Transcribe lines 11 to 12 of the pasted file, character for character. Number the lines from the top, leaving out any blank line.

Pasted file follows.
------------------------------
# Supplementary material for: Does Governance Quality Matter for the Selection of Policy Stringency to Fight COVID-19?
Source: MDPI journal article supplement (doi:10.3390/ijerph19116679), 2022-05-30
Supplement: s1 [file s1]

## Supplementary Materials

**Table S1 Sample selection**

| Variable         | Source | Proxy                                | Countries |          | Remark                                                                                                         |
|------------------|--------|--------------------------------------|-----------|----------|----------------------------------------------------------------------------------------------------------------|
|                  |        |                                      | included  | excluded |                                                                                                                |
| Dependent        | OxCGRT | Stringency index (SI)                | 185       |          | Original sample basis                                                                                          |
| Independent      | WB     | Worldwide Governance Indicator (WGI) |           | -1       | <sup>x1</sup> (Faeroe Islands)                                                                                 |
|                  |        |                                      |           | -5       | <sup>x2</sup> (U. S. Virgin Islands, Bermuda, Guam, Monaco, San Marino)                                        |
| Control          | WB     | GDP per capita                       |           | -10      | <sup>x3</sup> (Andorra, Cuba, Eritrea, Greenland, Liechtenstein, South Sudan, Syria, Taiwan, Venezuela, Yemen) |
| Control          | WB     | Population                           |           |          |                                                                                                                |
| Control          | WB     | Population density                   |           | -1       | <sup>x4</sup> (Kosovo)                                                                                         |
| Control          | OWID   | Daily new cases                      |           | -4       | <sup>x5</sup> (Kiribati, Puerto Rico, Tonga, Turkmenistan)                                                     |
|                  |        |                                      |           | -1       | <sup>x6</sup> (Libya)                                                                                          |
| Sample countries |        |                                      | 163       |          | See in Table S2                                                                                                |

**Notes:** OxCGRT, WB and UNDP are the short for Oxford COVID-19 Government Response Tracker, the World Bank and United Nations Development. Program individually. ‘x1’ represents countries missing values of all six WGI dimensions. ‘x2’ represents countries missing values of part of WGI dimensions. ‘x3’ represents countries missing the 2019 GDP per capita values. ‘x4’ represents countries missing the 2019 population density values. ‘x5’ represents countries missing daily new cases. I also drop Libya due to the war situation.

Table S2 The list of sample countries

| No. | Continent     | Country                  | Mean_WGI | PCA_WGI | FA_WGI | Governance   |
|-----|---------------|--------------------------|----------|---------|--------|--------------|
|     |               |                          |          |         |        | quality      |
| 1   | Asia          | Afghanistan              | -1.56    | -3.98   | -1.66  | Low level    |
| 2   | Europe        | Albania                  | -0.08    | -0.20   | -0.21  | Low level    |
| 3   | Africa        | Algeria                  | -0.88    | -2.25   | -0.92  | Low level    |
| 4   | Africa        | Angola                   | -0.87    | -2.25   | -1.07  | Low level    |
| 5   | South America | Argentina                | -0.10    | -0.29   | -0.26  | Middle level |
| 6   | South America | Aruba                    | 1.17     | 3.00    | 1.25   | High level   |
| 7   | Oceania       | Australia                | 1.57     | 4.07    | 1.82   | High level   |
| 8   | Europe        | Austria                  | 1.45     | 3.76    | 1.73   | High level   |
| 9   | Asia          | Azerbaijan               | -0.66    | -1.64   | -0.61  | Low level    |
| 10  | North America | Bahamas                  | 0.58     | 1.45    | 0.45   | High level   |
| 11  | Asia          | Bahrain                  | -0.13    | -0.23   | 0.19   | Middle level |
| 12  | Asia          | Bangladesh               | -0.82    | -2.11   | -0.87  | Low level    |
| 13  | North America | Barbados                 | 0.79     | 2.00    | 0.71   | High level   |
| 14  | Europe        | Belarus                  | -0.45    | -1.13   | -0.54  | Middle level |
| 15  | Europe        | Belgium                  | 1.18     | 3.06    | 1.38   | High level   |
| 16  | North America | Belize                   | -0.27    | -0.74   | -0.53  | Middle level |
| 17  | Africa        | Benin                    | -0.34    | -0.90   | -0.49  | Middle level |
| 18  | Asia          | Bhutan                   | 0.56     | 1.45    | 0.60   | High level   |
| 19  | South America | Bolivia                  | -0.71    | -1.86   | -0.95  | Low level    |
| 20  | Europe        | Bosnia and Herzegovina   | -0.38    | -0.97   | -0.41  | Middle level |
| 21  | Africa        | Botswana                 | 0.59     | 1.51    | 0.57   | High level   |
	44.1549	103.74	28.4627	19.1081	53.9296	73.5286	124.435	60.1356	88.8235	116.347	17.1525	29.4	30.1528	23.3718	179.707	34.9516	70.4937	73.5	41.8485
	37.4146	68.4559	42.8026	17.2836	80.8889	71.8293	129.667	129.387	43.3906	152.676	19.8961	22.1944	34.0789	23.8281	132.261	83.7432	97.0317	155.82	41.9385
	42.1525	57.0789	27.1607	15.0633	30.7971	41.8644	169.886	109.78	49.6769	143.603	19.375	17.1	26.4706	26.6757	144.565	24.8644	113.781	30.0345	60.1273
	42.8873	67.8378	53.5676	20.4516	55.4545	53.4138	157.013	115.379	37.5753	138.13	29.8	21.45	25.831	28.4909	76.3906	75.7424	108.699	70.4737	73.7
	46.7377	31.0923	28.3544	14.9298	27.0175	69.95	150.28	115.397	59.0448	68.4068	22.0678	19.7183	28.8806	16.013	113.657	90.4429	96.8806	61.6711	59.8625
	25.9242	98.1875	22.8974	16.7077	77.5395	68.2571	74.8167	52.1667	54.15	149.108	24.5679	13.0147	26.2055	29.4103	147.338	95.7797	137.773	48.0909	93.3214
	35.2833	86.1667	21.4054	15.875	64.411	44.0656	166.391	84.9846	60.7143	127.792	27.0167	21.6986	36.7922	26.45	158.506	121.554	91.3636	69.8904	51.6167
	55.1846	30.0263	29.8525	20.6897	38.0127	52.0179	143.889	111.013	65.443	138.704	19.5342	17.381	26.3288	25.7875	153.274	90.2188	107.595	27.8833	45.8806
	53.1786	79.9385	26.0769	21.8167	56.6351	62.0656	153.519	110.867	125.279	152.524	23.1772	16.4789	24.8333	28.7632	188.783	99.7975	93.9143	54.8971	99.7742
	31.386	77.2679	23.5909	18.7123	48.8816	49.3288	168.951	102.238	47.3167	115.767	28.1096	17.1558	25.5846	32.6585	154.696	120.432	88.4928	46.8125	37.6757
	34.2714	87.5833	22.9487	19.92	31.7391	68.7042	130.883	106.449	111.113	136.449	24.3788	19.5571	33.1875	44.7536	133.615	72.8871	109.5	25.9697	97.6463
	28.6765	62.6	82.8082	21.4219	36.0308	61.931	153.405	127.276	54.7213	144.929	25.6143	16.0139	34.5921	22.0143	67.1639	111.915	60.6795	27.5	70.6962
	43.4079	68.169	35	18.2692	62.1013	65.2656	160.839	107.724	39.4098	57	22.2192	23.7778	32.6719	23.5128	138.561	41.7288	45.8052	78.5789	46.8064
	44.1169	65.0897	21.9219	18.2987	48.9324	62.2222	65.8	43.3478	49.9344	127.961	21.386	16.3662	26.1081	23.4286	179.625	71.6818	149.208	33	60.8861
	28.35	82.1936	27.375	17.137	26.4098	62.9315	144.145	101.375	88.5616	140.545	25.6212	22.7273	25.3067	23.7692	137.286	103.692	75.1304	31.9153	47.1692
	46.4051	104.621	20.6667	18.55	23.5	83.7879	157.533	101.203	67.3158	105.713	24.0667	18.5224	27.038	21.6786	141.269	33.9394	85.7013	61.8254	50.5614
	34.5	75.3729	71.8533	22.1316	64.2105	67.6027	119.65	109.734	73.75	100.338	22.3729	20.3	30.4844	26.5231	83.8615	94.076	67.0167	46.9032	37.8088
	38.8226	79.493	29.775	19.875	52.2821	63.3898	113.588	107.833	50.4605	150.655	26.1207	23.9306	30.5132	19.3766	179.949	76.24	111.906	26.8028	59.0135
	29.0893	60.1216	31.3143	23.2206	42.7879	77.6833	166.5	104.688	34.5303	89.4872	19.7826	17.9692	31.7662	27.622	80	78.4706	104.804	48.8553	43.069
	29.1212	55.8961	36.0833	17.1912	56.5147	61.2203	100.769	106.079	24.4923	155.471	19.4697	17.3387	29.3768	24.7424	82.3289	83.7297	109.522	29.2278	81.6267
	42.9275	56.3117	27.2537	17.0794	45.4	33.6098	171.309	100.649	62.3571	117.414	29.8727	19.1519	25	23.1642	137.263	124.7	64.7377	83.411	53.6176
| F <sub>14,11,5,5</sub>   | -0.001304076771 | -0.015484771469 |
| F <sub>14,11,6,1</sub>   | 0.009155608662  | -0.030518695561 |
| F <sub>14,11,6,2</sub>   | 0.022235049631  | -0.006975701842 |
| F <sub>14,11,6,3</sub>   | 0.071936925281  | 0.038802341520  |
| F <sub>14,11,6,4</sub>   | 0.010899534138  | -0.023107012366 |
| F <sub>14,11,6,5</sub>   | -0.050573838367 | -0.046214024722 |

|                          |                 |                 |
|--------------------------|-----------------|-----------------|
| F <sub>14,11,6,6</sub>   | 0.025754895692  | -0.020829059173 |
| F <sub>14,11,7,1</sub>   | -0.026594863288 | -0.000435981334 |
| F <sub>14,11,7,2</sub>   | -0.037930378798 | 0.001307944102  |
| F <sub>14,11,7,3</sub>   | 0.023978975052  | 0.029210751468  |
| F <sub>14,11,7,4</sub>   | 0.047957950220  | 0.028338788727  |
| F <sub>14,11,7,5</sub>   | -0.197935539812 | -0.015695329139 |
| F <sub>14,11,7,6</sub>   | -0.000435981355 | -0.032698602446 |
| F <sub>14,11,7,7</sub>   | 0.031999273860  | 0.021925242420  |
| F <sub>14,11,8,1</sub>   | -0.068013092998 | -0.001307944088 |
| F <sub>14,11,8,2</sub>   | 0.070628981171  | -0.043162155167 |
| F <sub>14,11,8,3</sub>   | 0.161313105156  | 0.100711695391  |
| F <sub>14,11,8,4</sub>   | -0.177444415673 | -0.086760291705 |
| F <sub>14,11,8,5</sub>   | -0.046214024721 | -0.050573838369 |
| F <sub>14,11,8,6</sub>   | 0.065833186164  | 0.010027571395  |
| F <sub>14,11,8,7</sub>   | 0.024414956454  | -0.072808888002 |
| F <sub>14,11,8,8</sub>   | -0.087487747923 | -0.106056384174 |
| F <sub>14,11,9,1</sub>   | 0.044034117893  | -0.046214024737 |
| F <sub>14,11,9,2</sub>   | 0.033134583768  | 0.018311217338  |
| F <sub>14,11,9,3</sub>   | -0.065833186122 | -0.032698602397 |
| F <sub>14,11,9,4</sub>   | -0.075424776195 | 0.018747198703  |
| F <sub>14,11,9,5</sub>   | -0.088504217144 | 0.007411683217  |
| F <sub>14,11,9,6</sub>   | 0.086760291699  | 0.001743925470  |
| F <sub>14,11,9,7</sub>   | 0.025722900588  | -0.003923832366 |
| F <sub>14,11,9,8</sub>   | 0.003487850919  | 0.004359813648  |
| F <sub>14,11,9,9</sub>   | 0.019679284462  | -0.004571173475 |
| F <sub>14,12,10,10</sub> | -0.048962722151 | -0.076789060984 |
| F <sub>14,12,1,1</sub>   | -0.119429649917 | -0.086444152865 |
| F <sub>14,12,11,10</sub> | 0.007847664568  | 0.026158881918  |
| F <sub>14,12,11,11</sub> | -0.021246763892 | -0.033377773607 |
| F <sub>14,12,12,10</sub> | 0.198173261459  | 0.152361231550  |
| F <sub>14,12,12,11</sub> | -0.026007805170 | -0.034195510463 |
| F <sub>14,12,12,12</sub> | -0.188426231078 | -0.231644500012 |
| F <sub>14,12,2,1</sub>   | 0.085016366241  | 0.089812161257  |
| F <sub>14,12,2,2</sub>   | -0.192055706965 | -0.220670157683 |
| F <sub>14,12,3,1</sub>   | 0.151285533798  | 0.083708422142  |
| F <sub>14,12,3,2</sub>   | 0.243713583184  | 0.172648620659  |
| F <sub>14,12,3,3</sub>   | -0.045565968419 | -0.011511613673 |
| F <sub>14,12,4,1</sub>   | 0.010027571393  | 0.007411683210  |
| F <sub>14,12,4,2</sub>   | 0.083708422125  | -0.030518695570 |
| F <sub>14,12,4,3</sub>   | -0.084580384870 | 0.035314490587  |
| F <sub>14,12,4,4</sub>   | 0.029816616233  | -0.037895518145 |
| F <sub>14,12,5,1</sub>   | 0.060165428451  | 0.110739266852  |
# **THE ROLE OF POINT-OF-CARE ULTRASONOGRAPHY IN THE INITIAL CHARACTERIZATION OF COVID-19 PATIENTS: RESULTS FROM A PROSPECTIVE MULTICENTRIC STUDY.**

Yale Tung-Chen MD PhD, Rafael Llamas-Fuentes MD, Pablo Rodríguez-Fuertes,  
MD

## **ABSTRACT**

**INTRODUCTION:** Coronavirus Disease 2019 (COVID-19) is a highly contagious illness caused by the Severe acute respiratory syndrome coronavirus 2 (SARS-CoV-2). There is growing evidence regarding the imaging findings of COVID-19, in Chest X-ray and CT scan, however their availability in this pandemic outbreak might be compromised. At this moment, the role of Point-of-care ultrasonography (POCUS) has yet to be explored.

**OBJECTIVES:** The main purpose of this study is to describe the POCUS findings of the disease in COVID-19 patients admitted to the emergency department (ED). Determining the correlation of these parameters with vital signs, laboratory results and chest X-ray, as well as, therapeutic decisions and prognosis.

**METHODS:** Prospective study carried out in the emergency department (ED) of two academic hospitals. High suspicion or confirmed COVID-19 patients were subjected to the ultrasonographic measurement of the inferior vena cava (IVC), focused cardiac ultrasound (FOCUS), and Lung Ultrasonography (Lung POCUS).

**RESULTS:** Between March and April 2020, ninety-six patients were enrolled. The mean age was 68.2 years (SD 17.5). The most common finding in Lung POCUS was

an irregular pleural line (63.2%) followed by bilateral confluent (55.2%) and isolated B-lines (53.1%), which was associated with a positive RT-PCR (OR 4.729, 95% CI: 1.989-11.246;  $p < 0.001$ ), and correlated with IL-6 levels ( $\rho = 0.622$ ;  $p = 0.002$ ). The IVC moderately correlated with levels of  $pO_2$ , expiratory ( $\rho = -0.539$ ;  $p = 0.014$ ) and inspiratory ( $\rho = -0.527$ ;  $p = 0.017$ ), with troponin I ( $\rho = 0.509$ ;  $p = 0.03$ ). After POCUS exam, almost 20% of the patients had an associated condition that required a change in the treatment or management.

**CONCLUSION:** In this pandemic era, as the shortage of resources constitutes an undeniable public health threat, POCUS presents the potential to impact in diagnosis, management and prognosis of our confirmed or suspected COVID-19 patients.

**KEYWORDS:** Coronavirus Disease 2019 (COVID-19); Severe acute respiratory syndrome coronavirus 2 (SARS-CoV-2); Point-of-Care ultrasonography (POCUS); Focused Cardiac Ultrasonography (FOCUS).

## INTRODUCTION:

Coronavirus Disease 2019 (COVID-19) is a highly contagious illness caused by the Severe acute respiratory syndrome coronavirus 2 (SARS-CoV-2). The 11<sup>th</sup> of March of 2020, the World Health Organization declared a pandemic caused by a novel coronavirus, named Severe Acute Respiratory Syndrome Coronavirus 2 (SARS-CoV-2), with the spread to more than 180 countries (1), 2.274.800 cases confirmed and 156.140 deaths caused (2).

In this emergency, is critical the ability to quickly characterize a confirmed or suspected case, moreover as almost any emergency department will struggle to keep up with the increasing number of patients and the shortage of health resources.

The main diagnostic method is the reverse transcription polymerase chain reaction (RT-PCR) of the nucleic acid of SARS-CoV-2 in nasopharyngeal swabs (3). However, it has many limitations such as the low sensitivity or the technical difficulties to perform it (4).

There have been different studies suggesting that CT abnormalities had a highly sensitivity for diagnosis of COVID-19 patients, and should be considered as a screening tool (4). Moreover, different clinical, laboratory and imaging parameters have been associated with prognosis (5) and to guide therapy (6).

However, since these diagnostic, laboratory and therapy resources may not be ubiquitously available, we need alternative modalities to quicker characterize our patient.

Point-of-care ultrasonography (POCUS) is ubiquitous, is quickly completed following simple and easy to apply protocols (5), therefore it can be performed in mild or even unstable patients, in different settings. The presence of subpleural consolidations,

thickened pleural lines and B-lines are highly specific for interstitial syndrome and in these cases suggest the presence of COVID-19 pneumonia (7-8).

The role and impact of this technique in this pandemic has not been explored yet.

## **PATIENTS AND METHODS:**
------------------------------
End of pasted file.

|                  |        |                                      |           | -5       | <sup>x2</sup> (U. S. Virgin Islands, Bermuda, Guam, Monaco, San Marino)                                        |
| Control          | WB     | GDP per capita                       |           | -10      | <sup>x3</sup> (Andorra, Cuba, Eritrea, Greenland, Liechtenstein, South Sudan, Syria, Taiwan, Venezuela, Yemen) |